Monday, December 04, 2006

Big News for Brazilian Politics

I wanted to write about this last week, but travels to parts of Brazil outside of Rio prevented me from doing so today. In a little-known fact to most Americans and anybody outside of Brazil, Brazil's governmental system is one of the most paradoxical in the world to many laymen and political scientists, both Brazilian and elsewhere, for one reason: it is a parliamentary presidency. Thus, while Brazil elects presidents (most recently being Luis Inacio Lula da Silva's re-election), the presidents themselves depend on coalition-building to get their agendas accomplished with Congress.

This provided one of the biggest obstacles to Lula's first administration, as much of the reform and social improvement he sought to accomplish met roadblocks in a Congress in which his party (the PT) struggled to gain majority votes. Indeed, in 2005, corruption scandals emerged when questionable exchanges of money to rightist senators in exchange for votes to approve some of Lula's plans came to light (to be fair to Lula, this was apparently orchestrated behind his back, and he not only was unaware of the going-ons while they happened, once they finally came to light, he launched a full investigation into his own party. Additionally, the previous administration of Fernando Henrique Cardoso performed a similar practice in order to get congressional approval to amend the constitution so that presidents could run for re-election for a second term, an amendment which he successfully bought from Congress and then used to his advantage, gaining re-election in 1998). This coalition-building (and the sometimes-shady deals it leads to) has dominated Brazil's government since the return to direct elections in 1990, and has led many scholars, in Brazil, in the U.S., and elsewhere, to argue whether a presidential-parliamentary system can function, not only in the case of Brazil, but as a broader model in the abstract.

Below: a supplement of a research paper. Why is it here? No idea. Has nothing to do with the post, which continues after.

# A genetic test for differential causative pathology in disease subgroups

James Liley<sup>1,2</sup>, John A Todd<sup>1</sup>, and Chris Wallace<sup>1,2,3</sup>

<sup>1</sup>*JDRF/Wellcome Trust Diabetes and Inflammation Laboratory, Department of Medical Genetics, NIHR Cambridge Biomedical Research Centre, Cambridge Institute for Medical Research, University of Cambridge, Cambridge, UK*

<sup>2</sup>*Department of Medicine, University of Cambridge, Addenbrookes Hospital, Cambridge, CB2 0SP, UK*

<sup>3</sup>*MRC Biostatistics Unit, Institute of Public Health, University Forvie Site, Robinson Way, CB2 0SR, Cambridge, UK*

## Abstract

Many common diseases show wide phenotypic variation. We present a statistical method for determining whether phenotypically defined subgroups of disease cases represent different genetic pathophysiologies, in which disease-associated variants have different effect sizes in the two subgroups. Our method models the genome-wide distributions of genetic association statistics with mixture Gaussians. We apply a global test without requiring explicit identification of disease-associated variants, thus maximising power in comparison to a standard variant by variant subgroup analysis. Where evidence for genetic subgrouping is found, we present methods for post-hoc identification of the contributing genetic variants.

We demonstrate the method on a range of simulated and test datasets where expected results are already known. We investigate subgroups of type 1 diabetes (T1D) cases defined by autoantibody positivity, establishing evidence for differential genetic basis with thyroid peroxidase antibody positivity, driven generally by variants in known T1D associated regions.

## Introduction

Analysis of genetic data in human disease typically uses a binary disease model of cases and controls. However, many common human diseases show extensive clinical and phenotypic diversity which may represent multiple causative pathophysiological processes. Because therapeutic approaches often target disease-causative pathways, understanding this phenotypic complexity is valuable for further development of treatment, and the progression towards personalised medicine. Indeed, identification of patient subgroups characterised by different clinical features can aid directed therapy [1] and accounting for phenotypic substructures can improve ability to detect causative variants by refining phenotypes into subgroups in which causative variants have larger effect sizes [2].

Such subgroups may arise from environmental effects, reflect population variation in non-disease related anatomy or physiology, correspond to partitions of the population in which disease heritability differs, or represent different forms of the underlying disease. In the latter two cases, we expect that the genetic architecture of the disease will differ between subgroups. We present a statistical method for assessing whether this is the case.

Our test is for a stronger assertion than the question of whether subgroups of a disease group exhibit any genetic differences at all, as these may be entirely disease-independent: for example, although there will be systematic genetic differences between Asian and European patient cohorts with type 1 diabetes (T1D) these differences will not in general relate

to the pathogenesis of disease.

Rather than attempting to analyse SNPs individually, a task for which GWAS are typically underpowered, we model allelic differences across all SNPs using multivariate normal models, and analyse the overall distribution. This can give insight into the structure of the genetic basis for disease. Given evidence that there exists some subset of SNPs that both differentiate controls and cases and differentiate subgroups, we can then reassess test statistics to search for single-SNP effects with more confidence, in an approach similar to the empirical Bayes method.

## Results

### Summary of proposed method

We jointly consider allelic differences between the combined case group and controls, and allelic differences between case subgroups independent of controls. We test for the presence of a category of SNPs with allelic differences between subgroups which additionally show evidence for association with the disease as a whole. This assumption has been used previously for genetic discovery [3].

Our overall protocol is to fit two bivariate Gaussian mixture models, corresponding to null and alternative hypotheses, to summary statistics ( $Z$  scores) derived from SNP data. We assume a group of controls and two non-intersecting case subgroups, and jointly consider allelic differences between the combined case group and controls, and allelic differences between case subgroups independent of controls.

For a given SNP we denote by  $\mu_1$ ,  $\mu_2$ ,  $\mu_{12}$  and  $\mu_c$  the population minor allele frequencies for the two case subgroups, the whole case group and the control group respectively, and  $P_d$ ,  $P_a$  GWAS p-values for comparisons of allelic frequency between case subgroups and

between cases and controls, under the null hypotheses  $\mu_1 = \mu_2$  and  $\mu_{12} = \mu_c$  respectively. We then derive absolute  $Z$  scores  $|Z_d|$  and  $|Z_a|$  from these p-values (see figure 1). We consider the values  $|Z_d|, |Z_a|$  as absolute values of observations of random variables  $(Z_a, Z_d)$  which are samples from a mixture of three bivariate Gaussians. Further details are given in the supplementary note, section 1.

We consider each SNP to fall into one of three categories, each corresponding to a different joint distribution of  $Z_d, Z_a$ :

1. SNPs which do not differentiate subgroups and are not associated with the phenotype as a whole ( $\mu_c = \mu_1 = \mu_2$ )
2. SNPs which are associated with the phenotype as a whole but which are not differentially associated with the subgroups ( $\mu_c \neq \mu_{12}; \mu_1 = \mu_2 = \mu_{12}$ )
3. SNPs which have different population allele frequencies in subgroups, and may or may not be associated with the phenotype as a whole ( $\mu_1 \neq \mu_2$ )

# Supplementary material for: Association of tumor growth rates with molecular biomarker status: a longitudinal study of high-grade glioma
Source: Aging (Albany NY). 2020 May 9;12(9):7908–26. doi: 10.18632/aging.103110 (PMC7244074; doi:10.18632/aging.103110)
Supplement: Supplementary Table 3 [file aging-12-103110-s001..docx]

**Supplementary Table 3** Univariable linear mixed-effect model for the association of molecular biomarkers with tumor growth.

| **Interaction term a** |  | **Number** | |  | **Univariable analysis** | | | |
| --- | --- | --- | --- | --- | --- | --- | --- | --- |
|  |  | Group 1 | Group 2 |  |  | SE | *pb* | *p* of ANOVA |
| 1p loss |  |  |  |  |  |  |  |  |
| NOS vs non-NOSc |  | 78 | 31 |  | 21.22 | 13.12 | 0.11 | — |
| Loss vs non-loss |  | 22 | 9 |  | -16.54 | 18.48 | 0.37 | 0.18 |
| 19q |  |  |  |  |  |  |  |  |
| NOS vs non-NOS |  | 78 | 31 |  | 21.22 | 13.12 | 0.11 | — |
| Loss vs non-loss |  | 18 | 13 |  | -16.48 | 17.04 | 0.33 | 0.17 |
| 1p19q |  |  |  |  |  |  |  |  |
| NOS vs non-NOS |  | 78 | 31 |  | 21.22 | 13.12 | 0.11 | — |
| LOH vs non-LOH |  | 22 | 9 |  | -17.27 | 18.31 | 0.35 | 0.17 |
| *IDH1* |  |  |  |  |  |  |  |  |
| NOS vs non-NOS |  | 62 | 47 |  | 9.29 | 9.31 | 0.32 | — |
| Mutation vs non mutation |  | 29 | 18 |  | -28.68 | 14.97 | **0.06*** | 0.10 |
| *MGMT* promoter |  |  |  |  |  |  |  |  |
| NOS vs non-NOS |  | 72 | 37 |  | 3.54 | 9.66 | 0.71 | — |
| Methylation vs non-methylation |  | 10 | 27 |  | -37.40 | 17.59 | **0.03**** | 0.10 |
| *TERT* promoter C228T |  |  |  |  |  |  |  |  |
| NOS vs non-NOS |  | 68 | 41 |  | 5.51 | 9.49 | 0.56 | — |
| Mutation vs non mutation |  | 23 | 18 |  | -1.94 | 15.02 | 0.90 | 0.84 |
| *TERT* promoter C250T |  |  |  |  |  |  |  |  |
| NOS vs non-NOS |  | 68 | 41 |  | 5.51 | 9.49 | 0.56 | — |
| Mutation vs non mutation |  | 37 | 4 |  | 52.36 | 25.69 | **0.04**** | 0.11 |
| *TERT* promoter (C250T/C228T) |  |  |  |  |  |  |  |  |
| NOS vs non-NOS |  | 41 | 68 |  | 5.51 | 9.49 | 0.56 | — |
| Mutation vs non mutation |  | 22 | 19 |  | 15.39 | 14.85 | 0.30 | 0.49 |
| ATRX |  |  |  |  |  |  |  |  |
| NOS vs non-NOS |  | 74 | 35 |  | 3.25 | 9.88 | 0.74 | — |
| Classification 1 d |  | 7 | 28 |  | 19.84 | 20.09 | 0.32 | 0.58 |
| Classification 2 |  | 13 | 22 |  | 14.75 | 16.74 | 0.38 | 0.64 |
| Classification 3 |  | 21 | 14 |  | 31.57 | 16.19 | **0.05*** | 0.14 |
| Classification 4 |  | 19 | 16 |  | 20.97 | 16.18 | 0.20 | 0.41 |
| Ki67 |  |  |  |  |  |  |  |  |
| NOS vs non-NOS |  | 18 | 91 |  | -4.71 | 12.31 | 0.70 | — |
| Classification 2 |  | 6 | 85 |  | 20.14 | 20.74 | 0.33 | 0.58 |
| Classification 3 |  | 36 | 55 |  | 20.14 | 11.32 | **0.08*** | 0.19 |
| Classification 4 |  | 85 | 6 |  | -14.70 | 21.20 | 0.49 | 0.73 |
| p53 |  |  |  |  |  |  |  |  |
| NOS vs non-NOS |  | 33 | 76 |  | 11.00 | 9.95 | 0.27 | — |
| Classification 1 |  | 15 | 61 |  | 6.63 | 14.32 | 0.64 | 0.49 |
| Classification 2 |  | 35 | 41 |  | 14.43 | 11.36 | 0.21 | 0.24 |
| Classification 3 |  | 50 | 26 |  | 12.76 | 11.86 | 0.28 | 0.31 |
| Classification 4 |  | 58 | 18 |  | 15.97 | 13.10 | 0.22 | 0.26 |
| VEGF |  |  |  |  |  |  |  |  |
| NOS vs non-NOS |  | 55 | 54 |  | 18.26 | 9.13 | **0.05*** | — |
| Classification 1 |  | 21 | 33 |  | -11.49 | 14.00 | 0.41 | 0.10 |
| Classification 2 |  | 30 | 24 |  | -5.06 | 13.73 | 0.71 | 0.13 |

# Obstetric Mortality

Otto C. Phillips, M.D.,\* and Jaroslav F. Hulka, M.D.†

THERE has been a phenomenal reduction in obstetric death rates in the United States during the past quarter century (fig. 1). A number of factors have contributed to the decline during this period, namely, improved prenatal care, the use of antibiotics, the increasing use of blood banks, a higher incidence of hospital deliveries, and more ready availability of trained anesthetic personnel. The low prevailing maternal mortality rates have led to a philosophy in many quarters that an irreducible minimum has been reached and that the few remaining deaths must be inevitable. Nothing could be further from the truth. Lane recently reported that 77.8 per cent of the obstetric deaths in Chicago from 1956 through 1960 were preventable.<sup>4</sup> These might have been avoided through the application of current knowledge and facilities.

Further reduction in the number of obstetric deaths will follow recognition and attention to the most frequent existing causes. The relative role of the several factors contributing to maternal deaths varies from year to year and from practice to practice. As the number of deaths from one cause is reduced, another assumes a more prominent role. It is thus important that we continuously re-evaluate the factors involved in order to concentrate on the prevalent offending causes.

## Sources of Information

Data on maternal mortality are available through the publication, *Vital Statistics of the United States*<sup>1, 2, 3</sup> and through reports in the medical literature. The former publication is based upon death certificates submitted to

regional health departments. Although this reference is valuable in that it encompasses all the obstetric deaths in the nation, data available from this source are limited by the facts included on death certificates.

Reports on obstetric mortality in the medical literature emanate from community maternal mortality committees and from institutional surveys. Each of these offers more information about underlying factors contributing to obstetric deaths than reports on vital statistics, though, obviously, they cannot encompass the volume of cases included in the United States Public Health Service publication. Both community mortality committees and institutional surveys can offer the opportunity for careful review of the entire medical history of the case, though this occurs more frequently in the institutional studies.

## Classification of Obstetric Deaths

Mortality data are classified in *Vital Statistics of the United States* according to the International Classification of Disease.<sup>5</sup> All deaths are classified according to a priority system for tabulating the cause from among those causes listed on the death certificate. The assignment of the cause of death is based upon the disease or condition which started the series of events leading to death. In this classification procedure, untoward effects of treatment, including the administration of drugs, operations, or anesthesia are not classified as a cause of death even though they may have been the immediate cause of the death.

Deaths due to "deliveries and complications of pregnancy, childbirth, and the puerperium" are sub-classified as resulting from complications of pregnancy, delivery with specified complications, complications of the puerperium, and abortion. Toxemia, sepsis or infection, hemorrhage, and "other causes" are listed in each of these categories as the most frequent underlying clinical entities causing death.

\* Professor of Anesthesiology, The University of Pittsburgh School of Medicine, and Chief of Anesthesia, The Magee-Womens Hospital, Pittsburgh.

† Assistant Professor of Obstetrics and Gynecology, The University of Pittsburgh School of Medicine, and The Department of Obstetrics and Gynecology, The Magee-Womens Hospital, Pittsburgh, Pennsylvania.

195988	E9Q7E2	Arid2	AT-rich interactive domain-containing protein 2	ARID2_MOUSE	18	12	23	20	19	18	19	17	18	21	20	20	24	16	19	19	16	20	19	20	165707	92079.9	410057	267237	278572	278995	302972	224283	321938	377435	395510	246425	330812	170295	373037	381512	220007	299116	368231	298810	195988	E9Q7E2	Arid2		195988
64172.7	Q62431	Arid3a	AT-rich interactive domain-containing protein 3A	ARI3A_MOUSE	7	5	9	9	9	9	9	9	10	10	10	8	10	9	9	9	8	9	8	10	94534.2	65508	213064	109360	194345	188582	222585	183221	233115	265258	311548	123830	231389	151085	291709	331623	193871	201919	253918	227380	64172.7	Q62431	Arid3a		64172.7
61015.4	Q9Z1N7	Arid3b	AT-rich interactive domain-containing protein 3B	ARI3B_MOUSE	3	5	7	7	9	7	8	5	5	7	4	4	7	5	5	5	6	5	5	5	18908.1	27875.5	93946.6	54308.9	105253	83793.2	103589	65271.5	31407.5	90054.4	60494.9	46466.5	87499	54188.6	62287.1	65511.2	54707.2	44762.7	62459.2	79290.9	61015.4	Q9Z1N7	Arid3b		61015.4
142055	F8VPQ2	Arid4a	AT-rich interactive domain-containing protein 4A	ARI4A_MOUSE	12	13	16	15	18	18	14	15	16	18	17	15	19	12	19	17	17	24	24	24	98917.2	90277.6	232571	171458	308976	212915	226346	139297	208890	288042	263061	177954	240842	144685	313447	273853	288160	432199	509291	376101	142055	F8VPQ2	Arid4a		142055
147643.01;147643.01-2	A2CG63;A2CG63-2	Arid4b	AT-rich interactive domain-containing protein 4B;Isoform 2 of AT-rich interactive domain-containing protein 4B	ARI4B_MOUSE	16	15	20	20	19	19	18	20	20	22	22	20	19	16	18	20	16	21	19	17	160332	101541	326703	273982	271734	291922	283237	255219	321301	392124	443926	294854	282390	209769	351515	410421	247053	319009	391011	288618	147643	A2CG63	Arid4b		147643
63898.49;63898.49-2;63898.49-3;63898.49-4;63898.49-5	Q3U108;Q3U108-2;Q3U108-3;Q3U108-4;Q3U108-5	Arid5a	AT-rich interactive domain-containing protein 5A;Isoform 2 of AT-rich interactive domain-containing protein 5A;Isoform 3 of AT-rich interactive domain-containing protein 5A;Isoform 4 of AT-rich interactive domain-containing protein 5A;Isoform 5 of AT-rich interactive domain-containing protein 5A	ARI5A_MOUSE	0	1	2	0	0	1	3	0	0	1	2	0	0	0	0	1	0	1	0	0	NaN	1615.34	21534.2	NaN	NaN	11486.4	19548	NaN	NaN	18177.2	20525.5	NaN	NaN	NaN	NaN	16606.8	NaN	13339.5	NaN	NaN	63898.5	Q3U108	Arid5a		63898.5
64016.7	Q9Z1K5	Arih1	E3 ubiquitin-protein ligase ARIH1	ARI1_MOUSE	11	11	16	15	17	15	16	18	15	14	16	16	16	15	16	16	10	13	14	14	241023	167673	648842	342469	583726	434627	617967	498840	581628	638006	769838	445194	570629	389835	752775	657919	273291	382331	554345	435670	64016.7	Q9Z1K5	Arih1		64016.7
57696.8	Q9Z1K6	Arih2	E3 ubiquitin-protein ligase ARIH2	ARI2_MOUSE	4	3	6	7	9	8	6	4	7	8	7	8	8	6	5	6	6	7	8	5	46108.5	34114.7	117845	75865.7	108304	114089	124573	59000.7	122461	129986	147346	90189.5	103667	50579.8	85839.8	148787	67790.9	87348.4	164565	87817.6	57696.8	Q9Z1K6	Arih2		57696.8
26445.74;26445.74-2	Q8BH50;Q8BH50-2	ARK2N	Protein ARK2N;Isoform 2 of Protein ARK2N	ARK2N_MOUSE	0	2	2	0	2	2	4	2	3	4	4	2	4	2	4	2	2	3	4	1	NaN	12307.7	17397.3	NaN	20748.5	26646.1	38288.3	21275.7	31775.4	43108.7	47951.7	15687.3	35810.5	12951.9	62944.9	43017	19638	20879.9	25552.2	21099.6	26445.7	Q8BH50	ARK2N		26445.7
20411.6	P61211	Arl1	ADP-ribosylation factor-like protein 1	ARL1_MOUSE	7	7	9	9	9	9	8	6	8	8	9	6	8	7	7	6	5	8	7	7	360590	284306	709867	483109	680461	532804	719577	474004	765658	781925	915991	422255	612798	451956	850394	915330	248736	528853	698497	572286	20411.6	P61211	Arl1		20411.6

All this can be debated endlessly, but there was big news for Lula last week. The PMDB (Partido do Movimento Democratico Brasileiro), Brazil's largest party (and the true "center" of Brazil's political spectrum) agreed to join Lula in his coalition building last week, giving him a Congressional majority. The PMDB had abstained from full-party support in his first administration (2002-2006), though certainly many individuals did vote for his programs. Certainly, this will not be an open congressional mandate for Lula to do as he pleases, but it should hopefully allow him to increase his plans for social equality (such as improving educational opportunities, helping the poor be able to afford enough food to stay alive and healthy, etc.) in ways that he was unable to do in his first administration.